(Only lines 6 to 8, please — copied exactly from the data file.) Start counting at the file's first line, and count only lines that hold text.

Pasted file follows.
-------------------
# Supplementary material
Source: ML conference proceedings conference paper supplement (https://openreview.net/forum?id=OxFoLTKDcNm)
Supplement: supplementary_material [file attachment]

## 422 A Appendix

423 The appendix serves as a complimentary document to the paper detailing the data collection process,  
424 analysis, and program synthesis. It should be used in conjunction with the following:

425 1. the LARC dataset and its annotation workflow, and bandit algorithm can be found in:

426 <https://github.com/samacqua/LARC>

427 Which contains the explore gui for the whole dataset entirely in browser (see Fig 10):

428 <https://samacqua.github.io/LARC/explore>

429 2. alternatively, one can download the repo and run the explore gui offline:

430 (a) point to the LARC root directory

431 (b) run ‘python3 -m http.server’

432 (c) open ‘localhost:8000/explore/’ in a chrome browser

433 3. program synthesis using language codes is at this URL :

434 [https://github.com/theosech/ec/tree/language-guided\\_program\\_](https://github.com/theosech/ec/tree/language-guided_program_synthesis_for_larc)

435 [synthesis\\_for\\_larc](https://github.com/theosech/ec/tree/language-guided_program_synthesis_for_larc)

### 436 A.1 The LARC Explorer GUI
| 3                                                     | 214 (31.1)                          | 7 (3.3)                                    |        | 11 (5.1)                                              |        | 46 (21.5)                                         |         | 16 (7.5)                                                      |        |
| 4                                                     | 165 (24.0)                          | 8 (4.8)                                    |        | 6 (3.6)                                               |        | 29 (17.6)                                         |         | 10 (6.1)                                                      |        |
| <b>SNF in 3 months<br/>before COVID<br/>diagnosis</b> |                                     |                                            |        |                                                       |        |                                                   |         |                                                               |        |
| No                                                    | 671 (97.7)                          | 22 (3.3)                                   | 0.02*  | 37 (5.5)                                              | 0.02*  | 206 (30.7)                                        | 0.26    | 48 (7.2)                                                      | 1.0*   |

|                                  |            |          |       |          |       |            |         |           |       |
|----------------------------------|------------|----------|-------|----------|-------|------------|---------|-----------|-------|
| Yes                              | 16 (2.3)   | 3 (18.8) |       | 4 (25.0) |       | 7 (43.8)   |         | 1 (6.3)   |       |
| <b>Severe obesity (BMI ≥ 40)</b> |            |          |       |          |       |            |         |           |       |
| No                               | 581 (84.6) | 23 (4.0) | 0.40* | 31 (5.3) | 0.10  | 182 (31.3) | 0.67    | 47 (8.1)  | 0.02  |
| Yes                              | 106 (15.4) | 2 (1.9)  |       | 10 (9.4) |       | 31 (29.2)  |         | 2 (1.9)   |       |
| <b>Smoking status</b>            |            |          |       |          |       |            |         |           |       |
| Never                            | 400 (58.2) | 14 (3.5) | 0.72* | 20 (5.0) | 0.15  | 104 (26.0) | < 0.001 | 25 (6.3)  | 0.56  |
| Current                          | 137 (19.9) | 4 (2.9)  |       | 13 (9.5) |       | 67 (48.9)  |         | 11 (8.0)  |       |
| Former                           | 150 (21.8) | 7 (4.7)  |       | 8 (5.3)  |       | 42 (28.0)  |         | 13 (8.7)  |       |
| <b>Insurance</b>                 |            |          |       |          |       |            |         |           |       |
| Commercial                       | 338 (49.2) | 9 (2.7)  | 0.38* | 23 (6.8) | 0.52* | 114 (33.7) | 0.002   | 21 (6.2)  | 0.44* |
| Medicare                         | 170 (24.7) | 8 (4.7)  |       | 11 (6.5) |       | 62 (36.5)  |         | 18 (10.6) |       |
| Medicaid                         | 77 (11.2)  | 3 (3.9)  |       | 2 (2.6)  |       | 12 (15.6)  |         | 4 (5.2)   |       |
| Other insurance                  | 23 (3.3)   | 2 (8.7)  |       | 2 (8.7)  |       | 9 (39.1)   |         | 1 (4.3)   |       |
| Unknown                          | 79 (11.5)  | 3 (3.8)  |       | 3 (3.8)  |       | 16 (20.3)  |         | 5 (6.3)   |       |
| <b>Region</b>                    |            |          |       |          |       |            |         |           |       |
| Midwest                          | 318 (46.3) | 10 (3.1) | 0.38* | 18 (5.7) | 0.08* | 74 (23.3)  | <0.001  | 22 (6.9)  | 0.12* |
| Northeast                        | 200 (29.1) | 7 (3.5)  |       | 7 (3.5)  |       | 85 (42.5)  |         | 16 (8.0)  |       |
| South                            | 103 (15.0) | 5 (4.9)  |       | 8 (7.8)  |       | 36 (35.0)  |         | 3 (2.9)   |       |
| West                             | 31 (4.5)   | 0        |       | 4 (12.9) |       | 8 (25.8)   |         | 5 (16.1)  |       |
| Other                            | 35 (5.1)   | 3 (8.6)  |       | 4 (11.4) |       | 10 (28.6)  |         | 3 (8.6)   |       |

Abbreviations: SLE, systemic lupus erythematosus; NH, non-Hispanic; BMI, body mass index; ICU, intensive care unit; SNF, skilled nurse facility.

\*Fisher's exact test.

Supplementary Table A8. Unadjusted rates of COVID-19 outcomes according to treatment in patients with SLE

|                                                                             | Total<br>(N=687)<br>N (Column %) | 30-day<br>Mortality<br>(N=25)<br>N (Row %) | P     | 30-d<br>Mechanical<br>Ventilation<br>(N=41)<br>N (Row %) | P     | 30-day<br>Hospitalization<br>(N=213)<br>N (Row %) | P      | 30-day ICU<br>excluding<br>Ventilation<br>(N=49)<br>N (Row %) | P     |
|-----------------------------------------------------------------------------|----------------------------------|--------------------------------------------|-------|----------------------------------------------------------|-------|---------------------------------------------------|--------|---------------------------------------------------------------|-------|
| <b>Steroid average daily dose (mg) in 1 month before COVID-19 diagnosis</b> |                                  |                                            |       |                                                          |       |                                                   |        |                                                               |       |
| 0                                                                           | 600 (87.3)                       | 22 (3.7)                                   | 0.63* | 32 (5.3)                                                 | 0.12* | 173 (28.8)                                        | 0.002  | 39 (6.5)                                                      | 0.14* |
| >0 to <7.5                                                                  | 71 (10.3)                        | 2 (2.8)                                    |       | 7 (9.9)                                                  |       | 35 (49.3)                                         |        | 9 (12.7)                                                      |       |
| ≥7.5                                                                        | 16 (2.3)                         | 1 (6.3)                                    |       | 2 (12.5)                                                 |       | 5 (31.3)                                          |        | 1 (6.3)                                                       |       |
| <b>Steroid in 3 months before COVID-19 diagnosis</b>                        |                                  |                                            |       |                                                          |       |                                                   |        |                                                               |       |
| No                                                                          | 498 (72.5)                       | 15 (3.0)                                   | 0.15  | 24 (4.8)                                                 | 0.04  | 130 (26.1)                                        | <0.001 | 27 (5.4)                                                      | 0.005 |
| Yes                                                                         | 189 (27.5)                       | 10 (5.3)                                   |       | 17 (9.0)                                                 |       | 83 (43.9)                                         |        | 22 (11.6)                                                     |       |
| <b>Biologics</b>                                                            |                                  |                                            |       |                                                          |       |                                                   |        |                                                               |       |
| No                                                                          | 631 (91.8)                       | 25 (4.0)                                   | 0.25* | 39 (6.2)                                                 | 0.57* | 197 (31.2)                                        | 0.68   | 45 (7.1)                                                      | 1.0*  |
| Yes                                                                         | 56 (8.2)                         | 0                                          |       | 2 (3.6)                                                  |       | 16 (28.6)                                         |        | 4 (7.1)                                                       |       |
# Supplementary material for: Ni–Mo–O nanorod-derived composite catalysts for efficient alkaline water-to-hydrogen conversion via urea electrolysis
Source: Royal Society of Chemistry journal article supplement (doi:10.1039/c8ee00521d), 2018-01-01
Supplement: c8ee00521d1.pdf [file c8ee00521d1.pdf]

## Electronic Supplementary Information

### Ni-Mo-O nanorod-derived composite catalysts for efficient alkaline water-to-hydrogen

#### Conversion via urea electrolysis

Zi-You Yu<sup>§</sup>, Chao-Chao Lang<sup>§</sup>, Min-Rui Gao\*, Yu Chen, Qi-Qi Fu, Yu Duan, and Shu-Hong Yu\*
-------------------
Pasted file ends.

424 analysis, and program synthesis. It should be used in conjunction with the following:

425 1. the LARC dataset and its annotation workflow, and bandit algorithm can be found in:

426 <https://github.com/samacqua/LARC>